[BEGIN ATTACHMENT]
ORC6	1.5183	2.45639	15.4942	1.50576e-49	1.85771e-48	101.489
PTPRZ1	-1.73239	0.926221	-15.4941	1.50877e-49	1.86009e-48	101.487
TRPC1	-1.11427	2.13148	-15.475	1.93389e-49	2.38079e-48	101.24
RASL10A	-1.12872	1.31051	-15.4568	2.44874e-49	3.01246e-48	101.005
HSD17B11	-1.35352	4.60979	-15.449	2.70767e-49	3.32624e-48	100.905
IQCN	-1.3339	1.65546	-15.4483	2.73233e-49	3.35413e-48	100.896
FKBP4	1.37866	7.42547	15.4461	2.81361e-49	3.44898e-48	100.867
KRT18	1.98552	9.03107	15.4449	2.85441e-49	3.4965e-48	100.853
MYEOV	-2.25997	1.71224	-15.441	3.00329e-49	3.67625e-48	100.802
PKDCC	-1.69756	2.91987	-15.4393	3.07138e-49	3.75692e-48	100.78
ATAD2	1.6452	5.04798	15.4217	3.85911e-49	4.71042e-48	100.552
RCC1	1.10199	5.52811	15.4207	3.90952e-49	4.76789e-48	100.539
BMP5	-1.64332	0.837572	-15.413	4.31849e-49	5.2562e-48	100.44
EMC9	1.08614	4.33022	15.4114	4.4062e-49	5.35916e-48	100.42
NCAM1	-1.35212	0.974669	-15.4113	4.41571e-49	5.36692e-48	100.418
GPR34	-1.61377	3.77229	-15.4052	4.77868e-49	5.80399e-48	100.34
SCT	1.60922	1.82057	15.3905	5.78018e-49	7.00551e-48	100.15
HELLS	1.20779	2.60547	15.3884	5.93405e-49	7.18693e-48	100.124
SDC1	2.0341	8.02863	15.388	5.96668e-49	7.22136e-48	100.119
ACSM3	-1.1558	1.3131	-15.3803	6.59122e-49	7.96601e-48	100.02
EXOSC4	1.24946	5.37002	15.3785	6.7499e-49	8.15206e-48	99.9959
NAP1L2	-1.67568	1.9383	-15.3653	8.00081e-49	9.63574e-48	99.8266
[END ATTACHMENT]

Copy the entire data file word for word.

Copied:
ORC6	1.5183	2.45639	15.4942	1.50576e-49	1.85771e-48	101.489
PTPRZ1	-1.73239	0.926221	-15.4941	1.50877e-49	1.86009e-48	101.487
TRPC1	-1.11427	2.13148	-15.475	1.93389e-49	2.38079e-48	101.24
RASL10A	-1.12872	1.31051	-15.4568	2.44874e-49	3.01246e-48	101.005
HSD17B11	-1.35352	4.60979	-15.449	2.70767e-49	3.32624e-48	100.905
IQCN	-1.3339	1.65546	-15.4483	2.73233e-49	3.35413e-48	100.896
FKBP4	1.37866	7.42547	15.4461	2.81361e-49	3.44898e-48	100.867
KRT18	1.98552	9.03107	15.4449	2.85441e-49	3.4965e-48	100.853
MYEOV	-2.25997	1.71224	-15.441	3.00329e-49	3.67625e-48	100.802
PKDCC	-1.69756	2.91987	-15.4393	3.07138e-49	3.75692e-48	100.78
ATAD2	1.6452	5.04798	15.4217	3.85911e-49	4.71042e-48	100.552
RCC1	1.10199	5.52811	15.4207	3.90952e-49	4.76789e-48	100.539
BMP5	-1.64332	0.837572	-15.413	4.31849e-49	5.2562e-48	100.44
EMC9	1.08614	4.33022	15.4114	4.4062e-49	5.35916e-48	100.42
NCAM1	-1.35212	0.974669	-15.4113	4.41571e-49	5.36692e-48	100.418
GPR34	-1.61377	3.77229	-15.4052	4.77868e-49	5.80399e-48	100.34
SCT	1.60922	1.82057	15.3905	5.78018e-49	7.00551e-48	100.15
HELLS	1.20779	2.60547	15.3884	5.93405e-49	7.18693e-48	100.124
SDC1	2.0341	8.02863	15.388	5.96668e-49	7.22136e-48	100.119
ACSM3	-1.1558	1.3131	-15.3803	6.59122e-49	7.96601e-48	100.02
EXOSC4	1.24946	5.37002	15.3785	6.7499e-49	8.15206e-48	99.9959
NAP1L2	-1.67568	1.9383	-15.3653	8.00081e-49	9.63574e-48	99.8266